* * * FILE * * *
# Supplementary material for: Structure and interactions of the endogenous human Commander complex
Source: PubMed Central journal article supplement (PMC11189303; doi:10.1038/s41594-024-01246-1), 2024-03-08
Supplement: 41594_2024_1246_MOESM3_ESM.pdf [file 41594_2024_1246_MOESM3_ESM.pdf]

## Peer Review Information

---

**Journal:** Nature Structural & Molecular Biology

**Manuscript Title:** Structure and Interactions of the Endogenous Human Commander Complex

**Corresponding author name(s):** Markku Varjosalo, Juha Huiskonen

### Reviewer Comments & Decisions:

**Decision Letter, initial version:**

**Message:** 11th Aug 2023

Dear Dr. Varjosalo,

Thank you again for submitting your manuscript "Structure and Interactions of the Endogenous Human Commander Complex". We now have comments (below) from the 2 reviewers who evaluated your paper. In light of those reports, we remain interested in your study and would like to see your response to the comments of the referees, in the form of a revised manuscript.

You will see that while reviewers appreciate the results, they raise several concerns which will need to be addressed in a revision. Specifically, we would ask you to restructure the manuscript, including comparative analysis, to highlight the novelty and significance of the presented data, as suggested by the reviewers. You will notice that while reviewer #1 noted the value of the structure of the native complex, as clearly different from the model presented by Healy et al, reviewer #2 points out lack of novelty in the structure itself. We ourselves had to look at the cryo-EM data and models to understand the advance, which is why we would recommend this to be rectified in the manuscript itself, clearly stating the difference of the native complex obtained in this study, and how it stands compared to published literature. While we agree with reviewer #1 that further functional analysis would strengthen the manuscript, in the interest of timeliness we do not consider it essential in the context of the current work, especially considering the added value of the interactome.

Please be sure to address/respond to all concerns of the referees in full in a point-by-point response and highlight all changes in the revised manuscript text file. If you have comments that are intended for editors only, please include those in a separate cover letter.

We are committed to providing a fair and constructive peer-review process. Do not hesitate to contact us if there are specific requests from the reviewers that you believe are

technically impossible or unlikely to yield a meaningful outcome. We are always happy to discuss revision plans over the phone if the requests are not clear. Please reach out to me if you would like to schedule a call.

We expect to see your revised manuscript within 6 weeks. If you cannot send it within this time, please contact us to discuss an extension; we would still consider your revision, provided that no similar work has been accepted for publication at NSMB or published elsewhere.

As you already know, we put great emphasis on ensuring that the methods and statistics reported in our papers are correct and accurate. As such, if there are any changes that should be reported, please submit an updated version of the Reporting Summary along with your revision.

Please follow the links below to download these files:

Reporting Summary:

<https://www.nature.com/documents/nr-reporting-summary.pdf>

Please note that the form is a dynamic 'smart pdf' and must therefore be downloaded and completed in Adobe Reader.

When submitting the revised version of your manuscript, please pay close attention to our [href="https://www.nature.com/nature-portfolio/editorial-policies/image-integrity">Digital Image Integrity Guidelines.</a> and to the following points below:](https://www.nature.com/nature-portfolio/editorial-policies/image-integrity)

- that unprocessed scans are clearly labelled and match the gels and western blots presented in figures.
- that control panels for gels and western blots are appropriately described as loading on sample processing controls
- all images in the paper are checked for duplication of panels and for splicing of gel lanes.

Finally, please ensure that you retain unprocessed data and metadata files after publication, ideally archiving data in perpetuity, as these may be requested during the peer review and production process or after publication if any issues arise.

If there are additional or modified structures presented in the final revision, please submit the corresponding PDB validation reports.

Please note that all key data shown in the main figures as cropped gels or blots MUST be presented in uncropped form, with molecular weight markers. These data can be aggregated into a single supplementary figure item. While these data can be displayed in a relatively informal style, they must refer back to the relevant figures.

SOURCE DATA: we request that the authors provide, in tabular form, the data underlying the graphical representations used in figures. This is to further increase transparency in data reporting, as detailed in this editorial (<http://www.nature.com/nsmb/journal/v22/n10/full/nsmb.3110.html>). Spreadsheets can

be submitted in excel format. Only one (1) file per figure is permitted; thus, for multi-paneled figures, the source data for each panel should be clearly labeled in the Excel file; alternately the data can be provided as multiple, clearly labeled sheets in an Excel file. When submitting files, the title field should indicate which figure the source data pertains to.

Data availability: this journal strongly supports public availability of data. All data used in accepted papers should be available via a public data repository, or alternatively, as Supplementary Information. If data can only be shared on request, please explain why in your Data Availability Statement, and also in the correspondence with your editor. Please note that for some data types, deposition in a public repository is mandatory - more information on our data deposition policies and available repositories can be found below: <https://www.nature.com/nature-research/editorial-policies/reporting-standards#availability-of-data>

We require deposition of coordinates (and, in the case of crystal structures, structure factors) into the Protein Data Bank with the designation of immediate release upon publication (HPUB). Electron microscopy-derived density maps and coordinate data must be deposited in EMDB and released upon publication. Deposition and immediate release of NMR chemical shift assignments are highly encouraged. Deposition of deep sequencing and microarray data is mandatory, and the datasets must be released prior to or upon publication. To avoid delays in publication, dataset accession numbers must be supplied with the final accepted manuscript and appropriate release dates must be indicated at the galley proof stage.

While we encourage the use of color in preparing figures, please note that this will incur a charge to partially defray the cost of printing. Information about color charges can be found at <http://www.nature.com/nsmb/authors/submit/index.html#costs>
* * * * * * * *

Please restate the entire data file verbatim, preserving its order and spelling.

# Supplementary material for: Structure and interactions of the endogenous human Commander complex
Source: PubMed Central journal article supplement (PMC11189303; doi:10.1038/s41594-024-01246-1), 2024-03-08
Supplement: 41594_2024_1246_MOESM3_ESM.pdf [file 41594_2024_1246_MOESM3_ESM.pdf]

## Peer Review Information

---

**Journal:** Nature Structural & Molecular Biology

**Manuscript Title:** Structure and Interactions of the Endogenous Human Commander Complex

**Corresponding author name(s):** Markku Varjosalo, Juha Huiskonen

### Reviewer Comments & Decisions:

**Decision Letter, initial version:**

**Message:** 11th Aug 2023

Dear Dr. Varjosalo,

Thank you again for submitting your manuscript "Structure and Interactions of the Endogenous Human Commander Complex". We now have comments (below) from the 2 reviewers who evaluated your paper. In light of those reports, we remain interested in your study and would like to see your response to the comments of the referees, in the form of a revised manuscript.

You will see that while reviewers appreciate the results, they raise several concerns which will need to be addressed in a revision. Specifically, we would ask you to restructure the manuscript, including comparative analysis, to highlight the novelty and significance of the presented data, as suggested by the reviewers. You will notice that while reviewer #1 noted the value of the structure of the native complex, as clearly different from the model presented by Healy et al, reviewer #2 points out lack of novelty in the structure itself. We ourselves had to look at the cryo-EM data and models to understand the advance, which is why we would recommend this to be rectified in the manuscript itself, clearly stating the difference of the native complex obtained in this study, and how it stands compared to published literature. While we agree with reviewer #1 that further functional analysis would strengthen the manuscript, in the interest of timeliness we do not consider it essential in the context of the current work, especially considering the added value of the interactome.

Please be sure to address/respond to all concerns of the referees in full in a point-by-point response and highlight all changes in the revised manuscript text file. If you have comments that are intended for editors only, please include those in a separate cover letter.

We are committed to providing a fair and constructive peer-review process. Do not hesitate to contact us if there are specific requests from the reviewers that you believe are

technically impossible or unlikely to yield a meaningful outcome. We are always happy to discuss revision plans over the phone if the requests are not clear. Please reach out to me if you would like to schedule a call.

We expect to see your revised manuscript within 6 weeks. If you cannot send it within this time, please contact us to discuss an extension; we would still consider your revision, provided that no similar work has been accepted for publication at NSMB or published elsewhere.

As you already know, we put great emphasis on ensuring that the methods and statistics reported in our papers are correct and accurate. As such, if there are any changes that should be reported, please submit an updated version of the Reporting Summary along with your revision.

Please follow the links below to download these files:

Reporting Summary:

<https://www.nature.com/documents/nr-reporting-summary.pdf>

Please note that the form is a dynamic 'smart pdf' and must therefore be downloaded and completed in Adobe Reader.

When submitting the revised version of your manuscript, please pay close attention to our [href="https://www.nature.com/nature-portfolio/editorial-policies/image-integrity">Digital Image Integrity Guidelines.</a> and to the following points below:](https://www.nature.com/nature-portfolio/editorial-policies/image-integrity)

- that unprocessed scans are clearly labelled and match the gels and western blots presented in figures.
- that control panels for gels and western blots are appropriately described as loading on sample processing controls
- all images in the paper are checked for duplication of panels and for splicing of gel lanes.

Finally, please ensure that you retain unprocessed data and metadata files after publication, ideally archiving data in perpetuity, as these may be requested during the peer review and production process or after publication if any issues arise.

If there are additional or modified structures presented in the final revision, please submit the corresponding PDB validation reports.

Please note that all key data shown in the main figures as cropped gels or blots MUST be presented in uncropped form, with molecular weight markers. These data can be aggregated into a single supplementary figure item. While these data can be displayed in a relatively informal style, they must refer back to the relevant figures.

SOURCE DATA: we request that the authors provide, in tabular form, the data underlying the graphical representations used in figures. This is to further increase transparency in data reporting, as detailed in this editorial (<http://www.nature.com/nsmb/journal/v22/n10/full/nsmb.3110.html>). Spreadsheets can

be submitted in excel format. Only one (1) file per figure is permitted; thus, for multi-paneled figures, the source data for each panel should be clearly labeled in the Excel file; alternately the data can be provided as multiple, clearly labeled sheets in an Excel file. When submitting files, the title field should indicate which figure the source data pertains to.

Data availability: this journal strongly supports public availability of data. All data used in accepted papers should be available via a public data repository, or alternatively, as Supplementary Information. If data can only be shared on request, please explain why in your Data Availability Statement, and also in the correspondence with your editor. Please note that for some data types, deposition in a public repository is mandatory - more information on our data deposition policies and available repositories can be found below: <https://www.nature.com/nature-research/editorial-policies/reporting-standards#availability-of-data>

We require deposition of coordinates (and, in the case of crystal structures, structure factors) into the Protein Data Bank with the designation of immediate release upon publication (HPUB). Electron microscopy-derived density maps and coordinate data must be deposited in EMDB and released upon publication. Deposition and immediate release of NMR chemical shift assignments are highly encouraged. Deposition of deep sequencing and microarray data is mandatory, and the datasets must be released prior to or upon publication. To avoid delays in publication, dataset accession numbers must be supplied with the final accepted manuscript and appropriate release dates must be indicated at the galley proof stage.

While we encourage the use of color in preparing figures, please note that this will incur a charge to partially defray the cost of printing. Information about color charges can be found at <http://www.nature.com/nsmb/authors/submit/index.html#costs>